We only have what we give...


The government took several measures to control the spread of the COVID-19 virus, some of which threatened the right to privacy. Amendments to the Prison Act failed to address concerns about rights of people on death row with psychosocial or intellectual disabilities. In August, a National Human Rights Commission was established. In October, the International Review Committee received reports from international organizations ahead of its review of Taiwan’s implementation of the ICCPR and the ICESCR.

Mass surveillance

In January, the government introduced a series of measures aimed at preventing the spread of COVID-19, some of which threatened the right to privacy. The government established a digital framework of mass surveillance and connected government databases, such as travel and health insurance records, for the purposes of tracking and tracing. Over 35 government departments were able to constantly monitor people’s movement and other activities, including the purchase of surgical masks, through this platform. The government provided few details about its use of the platform, nor specified when the data collection measures would end.1

Death penalty

Amendments to the Prison Act in January resulted in changes to the Regulations for the Execution of the Death Penalty in July. The amended regulations still allowed death sentences for individuals with psychosocial or intellectual disabilities.2 The authorities made no progress towards abolition during the year and continued to carry out executions.3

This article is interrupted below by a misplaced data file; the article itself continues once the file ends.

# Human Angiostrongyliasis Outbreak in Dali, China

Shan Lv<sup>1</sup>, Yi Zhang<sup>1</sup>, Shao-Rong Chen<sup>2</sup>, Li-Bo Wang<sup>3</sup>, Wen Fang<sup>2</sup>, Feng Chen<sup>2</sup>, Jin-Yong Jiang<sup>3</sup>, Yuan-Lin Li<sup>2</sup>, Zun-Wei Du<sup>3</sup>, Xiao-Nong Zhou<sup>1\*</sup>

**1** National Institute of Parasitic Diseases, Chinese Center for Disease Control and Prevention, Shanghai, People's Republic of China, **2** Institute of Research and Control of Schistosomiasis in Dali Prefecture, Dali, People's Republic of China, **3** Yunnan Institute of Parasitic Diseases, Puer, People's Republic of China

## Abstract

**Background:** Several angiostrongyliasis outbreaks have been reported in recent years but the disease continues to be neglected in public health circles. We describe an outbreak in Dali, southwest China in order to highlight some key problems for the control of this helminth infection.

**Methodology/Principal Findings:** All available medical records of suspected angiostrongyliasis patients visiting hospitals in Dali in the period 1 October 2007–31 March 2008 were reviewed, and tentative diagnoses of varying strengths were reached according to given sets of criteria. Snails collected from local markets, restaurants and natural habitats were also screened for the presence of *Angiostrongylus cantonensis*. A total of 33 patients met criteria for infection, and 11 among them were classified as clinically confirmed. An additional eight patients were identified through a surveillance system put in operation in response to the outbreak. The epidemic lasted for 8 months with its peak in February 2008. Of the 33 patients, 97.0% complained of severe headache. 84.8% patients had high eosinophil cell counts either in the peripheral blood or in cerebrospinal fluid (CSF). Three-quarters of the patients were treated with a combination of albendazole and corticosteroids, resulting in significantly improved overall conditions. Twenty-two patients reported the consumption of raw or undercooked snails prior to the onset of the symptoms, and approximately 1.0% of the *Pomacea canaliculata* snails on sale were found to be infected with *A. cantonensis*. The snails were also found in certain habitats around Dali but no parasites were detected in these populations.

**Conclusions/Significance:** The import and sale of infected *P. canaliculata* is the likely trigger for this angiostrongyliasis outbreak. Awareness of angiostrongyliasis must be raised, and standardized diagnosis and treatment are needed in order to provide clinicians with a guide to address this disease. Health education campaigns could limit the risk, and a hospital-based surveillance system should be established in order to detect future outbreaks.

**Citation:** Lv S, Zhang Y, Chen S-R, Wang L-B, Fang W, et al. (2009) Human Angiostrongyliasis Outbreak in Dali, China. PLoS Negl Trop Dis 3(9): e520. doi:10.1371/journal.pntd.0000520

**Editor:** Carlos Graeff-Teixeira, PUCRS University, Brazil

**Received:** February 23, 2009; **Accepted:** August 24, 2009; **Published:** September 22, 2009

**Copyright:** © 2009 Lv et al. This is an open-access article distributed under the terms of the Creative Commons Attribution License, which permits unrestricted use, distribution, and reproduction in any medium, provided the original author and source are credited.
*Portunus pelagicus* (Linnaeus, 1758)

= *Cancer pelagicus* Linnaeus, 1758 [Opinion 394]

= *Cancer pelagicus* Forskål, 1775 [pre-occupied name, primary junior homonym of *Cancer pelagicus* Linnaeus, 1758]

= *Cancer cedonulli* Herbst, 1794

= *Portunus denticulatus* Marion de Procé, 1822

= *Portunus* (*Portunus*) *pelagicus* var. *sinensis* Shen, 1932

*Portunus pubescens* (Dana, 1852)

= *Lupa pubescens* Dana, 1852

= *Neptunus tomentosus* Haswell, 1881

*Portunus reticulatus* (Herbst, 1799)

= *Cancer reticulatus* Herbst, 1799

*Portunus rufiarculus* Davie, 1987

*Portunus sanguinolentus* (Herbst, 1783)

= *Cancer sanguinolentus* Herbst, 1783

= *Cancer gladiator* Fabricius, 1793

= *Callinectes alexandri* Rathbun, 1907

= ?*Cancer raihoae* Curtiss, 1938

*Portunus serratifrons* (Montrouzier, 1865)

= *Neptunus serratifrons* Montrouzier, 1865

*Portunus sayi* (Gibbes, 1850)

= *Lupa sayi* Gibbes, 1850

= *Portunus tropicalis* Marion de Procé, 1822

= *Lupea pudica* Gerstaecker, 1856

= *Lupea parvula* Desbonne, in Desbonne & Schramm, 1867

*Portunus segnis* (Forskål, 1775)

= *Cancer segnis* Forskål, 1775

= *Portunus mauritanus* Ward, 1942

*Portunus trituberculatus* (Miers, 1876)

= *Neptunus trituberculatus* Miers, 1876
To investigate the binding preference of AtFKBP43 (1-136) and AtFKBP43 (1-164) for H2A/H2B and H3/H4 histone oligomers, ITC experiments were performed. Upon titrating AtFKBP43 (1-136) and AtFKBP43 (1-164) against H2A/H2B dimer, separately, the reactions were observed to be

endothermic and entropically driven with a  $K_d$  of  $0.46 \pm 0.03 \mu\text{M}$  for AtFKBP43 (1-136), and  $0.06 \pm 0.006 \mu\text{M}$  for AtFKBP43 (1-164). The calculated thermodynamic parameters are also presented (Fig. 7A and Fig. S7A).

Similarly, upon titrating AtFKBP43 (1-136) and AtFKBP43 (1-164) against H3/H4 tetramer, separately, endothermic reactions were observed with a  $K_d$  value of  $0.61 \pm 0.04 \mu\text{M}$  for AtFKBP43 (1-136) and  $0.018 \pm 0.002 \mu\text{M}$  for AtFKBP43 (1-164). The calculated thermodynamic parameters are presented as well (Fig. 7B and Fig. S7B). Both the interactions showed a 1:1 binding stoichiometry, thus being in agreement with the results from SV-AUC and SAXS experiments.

Right to truth, justice and reparation

The National Human Rights Commission established as part of the Control Yuan (the government supervisory agency regulated by the Constitution) began work in August. The commission is composed of members appointed to act independently and mandated to investigate complaints of human rights violations, including discrimination, as well as drafting and publishing a national human rights report and advising government agencies.4

Refugees and asylum-seekers

Refugees and asylum-seekers received only limited assistance.5 Over 200 people from Hong Kong arrived in Taiwan seeking asylum after the enactment of a national security law in late June. This highlighted the inadequacy of Taiwan’s present legal framework regarding refugees, asylum-seekers and others in need of international protection (such as non-refoulement) and led to renewed calls for the adoption of a Refugee Act.

International scrutiny

On 29 June, the government announced it was inviting national and international experts to review its implementation of the International Covenant on Civil and Political Rights (ICCPR) and the International Covenant on Economic, Social and Cultural Rights (ICESCR).6 This International Review Committee is expected to gather for its third review from 18 to 22 October 2021.